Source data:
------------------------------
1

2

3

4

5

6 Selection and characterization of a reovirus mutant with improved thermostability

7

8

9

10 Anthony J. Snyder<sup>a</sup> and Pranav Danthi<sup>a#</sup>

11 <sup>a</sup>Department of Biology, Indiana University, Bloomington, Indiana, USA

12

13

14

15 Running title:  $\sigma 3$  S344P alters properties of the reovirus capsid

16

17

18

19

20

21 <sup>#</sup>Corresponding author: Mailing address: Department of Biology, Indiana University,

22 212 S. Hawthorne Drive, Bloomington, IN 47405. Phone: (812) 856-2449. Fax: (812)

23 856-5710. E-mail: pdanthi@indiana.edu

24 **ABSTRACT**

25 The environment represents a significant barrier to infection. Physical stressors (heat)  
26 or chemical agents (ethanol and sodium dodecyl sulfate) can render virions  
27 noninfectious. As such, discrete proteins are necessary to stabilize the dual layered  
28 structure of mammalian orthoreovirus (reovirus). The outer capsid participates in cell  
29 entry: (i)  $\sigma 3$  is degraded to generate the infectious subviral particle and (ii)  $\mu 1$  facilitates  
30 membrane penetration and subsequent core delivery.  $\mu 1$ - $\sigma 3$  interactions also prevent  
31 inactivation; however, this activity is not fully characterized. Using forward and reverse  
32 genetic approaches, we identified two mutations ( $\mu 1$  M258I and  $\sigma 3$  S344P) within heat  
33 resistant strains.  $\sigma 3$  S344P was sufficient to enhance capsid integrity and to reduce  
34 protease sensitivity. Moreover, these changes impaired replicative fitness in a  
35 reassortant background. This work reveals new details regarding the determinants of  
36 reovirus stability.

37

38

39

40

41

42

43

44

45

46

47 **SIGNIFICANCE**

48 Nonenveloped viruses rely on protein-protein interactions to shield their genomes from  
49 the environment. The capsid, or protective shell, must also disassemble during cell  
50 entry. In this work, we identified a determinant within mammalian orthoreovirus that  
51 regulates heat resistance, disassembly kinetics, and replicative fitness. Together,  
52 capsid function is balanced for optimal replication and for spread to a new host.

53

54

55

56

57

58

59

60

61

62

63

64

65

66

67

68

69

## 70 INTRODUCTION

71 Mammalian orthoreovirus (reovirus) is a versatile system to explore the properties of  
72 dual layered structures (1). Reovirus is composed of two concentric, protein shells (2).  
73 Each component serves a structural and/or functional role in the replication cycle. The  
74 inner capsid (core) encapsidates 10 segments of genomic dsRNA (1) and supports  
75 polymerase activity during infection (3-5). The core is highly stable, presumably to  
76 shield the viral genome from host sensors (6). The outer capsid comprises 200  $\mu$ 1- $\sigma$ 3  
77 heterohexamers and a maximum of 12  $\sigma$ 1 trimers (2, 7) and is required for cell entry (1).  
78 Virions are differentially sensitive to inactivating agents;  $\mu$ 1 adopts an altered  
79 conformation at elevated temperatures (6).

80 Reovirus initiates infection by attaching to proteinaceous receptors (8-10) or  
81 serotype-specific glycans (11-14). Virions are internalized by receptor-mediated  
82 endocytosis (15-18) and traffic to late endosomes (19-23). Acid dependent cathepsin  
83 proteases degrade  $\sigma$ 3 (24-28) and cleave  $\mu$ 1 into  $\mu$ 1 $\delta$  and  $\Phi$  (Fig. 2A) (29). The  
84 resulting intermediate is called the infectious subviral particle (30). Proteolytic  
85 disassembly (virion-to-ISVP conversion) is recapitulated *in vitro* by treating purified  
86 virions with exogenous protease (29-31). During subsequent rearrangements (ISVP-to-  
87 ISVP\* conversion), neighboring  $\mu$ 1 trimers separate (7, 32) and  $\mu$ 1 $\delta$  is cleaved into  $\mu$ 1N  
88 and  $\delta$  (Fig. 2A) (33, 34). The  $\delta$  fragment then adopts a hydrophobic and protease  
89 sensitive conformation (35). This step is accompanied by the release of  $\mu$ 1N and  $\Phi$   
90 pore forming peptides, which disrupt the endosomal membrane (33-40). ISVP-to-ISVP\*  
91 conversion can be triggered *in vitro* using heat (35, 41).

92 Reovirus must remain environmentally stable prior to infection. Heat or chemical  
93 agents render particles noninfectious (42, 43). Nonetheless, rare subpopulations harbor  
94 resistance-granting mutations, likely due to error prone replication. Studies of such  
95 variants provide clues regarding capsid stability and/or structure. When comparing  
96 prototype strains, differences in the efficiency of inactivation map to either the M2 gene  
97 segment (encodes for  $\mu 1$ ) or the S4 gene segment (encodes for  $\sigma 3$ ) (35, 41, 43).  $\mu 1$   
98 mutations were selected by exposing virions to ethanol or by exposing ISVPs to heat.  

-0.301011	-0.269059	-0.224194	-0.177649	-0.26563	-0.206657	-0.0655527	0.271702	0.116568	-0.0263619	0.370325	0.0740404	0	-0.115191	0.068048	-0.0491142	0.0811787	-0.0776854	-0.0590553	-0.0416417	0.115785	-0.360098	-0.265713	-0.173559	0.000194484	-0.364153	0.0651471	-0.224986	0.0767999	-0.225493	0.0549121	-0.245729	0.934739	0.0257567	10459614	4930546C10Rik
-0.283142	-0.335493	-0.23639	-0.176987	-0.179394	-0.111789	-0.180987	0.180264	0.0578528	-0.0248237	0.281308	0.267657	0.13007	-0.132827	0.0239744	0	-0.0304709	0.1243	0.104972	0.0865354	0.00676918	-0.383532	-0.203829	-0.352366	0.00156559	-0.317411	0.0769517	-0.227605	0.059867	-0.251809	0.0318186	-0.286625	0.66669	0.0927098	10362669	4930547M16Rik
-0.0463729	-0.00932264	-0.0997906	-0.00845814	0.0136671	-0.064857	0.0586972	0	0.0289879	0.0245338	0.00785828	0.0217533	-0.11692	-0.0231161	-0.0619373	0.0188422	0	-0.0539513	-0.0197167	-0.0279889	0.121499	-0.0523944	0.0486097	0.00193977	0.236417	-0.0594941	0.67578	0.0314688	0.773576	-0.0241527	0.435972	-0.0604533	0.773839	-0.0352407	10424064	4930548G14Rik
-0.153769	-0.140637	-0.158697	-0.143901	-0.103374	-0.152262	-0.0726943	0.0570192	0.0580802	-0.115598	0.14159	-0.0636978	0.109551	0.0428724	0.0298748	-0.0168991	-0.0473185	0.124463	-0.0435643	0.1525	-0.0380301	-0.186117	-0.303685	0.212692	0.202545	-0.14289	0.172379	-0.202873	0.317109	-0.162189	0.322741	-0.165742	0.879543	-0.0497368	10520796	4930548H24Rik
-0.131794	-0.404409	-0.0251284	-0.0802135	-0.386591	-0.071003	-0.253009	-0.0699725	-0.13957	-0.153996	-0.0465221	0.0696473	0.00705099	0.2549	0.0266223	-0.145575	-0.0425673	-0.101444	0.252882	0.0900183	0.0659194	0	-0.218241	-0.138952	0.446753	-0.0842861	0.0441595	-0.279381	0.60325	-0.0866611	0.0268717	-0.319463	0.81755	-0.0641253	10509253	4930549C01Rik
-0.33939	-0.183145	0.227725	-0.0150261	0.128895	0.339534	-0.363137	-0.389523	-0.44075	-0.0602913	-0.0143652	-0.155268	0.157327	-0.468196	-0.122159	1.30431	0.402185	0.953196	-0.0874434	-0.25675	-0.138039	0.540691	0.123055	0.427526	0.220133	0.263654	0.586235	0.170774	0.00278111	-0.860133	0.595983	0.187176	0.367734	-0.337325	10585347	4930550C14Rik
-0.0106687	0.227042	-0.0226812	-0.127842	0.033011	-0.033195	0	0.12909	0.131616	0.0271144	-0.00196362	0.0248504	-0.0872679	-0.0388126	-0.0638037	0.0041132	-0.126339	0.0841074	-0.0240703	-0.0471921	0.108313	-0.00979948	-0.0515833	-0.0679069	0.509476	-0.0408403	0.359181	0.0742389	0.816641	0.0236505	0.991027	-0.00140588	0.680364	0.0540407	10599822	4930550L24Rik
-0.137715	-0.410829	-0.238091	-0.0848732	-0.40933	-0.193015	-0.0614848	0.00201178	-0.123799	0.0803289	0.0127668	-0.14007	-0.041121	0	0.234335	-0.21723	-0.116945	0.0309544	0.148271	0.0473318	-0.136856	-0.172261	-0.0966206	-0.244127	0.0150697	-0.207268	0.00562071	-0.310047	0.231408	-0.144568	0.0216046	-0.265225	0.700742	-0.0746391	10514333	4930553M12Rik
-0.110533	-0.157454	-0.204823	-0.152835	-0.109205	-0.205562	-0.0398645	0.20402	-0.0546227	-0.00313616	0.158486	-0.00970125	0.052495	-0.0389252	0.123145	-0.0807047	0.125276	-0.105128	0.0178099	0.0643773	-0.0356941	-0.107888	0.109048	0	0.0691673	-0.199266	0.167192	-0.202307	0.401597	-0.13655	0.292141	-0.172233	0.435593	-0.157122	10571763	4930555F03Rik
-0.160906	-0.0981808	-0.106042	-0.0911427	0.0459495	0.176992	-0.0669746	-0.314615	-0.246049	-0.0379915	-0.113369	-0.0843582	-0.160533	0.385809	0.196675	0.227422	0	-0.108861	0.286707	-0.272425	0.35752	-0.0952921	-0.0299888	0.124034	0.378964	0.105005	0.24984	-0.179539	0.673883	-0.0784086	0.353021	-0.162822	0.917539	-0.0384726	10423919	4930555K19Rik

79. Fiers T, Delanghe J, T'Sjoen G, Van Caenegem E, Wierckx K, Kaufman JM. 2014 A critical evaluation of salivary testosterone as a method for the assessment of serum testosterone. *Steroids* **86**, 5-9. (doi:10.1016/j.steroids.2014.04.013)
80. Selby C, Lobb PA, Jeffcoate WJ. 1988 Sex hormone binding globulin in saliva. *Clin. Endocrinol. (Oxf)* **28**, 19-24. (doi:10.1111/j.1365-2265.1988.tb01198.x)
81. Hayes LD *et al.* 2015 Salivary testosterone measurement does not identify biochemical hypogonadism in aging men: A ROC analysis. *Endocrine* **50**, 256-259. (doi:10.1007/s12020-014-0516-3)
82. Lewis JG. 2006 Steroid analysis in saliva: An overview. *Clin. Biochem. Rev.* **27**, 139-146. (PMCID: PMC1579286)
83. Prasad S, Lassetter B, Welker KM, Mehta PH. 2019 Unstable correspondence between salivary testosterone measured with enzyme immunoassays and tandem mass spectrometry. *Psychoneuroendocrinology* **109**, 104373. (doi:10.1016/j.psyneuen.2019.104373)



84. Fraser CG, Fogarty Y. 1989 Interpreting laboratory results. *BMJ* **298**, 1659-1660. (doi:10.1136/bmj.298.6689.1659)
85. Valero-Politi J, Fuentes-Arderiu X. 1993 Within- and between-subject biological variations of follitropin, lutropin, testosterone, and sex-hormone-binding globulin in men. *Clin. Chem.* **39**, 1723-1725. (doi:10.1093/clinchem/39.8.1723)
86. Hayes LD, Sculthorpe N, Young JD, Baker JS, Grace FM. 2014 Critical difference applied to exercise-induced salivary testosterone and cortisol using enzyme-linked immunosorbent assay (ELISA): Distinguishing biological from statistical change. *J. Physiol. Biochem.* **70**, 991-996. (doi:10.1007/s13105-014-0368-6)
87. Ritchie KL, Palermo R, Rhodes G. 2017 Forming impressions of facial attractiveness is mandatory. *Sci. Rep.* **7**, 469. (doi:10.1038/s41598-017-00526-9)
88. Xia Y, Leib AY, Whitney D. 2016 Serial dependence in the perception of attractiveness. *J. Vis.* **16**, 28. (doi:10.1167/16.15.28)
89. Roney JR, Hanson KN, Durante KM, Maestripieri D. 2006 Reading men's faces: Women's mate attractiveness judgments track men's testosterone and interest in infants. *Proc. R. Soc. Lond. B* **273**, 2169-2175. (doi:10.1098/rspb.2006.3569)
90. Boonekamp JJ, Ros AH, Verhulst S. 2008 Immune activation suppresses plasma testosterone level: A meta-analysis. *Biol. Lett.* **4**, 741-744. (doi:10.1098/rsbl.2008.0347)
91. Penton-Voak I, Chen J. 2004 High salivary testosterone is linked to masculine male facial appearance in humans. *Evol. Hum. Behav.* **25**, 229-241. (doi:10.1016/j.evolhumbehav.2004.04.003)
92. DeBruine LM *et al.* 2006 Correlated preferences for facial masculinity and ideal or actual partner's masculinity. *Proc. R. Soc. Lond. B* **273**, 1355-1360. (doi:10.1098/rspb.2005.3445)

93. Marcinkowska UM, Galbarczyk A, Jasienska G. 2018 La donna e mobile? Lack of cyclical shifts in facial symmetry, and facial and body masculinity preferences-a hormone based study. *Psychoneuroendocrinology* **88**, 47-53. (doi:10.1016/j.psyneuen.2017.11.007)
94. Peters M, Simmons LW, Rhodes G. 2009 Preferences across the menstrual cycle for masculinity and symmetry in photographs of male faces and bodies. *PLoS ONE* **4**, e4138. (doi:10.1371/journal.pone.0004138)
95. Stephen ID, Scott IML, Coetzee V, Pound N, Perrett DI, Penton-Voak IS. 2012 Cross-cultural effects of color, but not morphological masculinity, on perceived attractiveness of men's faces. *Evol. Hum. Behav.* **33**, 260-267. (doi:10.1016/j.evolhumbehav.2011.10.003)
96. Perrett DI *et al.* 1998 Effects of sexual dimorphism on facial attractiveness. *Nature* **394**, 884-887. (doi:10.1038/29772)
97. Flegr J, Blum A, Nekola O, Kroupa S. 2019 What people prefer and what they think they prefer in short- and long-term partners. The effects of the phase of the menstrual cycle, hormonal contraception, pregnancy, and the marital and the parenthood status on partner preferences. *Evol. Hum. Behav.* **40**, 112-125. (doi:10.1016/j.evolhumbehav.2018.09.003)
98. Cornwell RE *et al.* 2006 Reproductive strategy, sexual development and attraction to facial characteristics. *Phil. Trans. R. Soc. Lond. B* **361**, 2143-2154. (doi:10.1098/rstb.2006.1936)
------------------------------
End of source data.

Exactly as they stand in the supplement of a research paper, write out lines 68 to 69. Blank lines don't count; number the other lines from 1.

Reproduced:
68

69